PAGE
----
The final section of the video (corresponding to what would be, if not for the jump cuts, the third long take) coincides with what I have called the song’s coda. The instrumentation becomes sparser and lighter; eventually, tones are held for longer intervals, until they gradually fade away. Arterton emerges onto the roof of a tall building; she runs to the edge, still frequently glancing backwards in terror. She looks down at the ground, turns away, and collapses into a heap, her hands holding her head in despair. The camera then passes her by, instead gliding over the edge of the roof. It shows us, way down on the ground, a parking lot eerily filled with people standing motionlessly in rows, in an orderly grid, looking upwards. The jump cuts finally cease. The video ends by reversing the movement with which it began. The camera pans upwards from the parking lot, to take in the London skyline shortly before sunset. The music is replaced by traffic and other city noises; an enormous swarm of black dots (birds? or something more sinister?) swirls menacingly on the horizon.

Aside from this main action, there are many subtle, creepy background details scattered throughout the video. You can only notice them by paying close attention to the background; it took repeated viewings for me to find them. The director says in an interview that he thinks of them as “easter eggs,” like the ones hidden in DVDs or pieces of software. These glitches are rare at the beginning of the video, but they become more frequent as it proceeds. Online fans have obsessively scrutinized the video in order to pick out these anomalies, on websites like Reddit. For instance, when Arterton is running through the park, a rock in the far distance appears to levitate (1:08-1:30). Later, a metal gate on the side of a building suddenly buckles inwards as Arterton passes it (2:02-2:05). Still later, as Arterton is running down the block, a parked car changes color with each looped repetition (3:02-3:16). A man seems to be suspended in midair, arms stretched out (3:06-3:20). A fire breaks out on an upper floor of a high rise council building (3:19-3:22).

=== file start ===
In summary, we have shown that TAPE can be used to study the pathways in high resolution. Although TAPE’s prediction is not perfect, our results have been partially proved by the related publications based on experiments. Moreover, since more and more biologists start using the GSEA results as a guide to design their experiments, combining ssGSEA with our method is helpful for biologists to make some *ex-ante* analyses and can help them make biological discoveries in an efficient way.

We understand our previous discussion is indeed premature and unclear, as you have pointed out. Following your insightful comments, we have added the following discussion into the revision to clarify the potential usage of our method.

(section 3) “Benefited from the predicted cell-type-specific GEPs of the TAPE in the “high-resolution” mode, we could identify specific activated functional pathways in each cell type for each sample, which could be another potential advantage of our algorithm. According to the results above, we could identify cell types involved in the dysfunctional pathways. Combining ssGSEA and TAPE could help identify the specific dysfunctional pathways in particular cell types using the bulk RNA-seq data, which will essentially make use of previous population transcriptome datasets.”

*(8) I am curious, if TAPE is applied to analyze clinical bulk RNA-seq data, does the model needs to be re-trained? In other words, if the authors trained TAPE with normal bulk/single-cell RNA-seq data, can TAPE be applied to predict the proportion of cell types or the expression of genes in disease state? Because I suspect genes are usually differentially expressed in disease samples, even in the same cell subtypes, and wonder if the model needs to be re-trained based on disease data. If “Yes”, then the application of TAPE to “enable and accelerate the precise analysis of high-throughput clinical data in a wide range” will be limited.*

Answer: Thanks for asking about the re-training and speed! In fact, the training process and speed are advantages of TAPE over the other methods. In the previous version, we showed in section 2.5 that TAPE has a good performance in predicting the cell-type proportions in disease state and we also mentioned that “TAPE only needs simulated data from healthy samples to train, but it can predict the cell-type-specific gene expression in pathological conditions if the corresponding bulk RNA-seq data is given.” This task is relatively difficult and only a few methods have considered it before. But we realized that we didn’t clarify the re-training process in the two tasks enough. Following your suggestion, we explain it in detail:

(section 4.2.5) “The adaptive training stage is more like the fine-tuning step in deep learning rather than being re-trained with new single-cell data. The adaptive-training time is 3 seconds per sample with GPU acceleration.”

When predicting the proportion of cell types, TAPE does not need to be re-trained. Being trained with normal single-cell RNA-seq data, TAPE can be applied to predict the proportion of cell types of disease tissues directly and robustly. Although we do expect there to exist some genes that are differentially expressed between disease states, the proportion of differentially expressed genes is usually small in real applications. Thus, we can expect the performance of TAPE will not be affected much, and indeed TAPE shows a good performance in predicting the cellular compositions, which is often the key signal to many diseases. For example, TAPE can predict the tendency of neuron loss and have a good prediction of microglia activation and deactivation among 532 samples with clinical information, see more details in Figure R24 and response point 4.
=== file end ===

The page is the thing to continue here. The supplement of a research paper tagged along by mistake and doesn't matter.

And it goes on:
These signs and portents only last for a few seconds each, but together they help to account for Arterton’s panic. For they suggest that something is seriously wrong, either with the world or with the way that we are perceiving of the world. Fan theories online are split between subjective explanations (Arterton’s character is suffering from drug hallucinations, or from a schizophrenic breakdown) and objective ones (she is witnessing an alien invasion, or even The Rapture). In the same interview I cited before, Bison says that he “like[s] everyone else’s theories about it – I think they’re really interesting.” He does not endorse any particular interpretation as being definitively correct, but he says that the range of responses gave him “all the stuff that I wanted, really – I kept it purposefully open.”

It is crucial to note that the bystanders in the video do not notice any of these glitches; even Arterton’s character doesn’t necessarily see them, since she is usually looking in a different direction. In effect, the anomalies only exist for us, the viewers of the video. (This is even literally the case, since they were evidently added in post-production). The looping repetition of footage would also seem to be something that we experience, rather than a process that Arterton’s character is going through. In addition, we never actually get to see just what it is that so terrifies Arterton’s character. She is always staring (or in one case, pointing – 2:35-2:38) out of frame. Even when she glances backwards, more or less towards the camera, she is not looking towards its actual position, but rather beyond it (as it were, over its shoulder). In other words, Arterton is condemned (Cassandra-like) to witness what she is unable to share with anyone else: visions that even the camera is unable to show us. It is only at the very end of the video, on the roof, when the camera abandons Arterton, that it pans down and shows us what she might have been looking at a moment before: the enigmatic sight of people lined up motionlessly in the parking lot.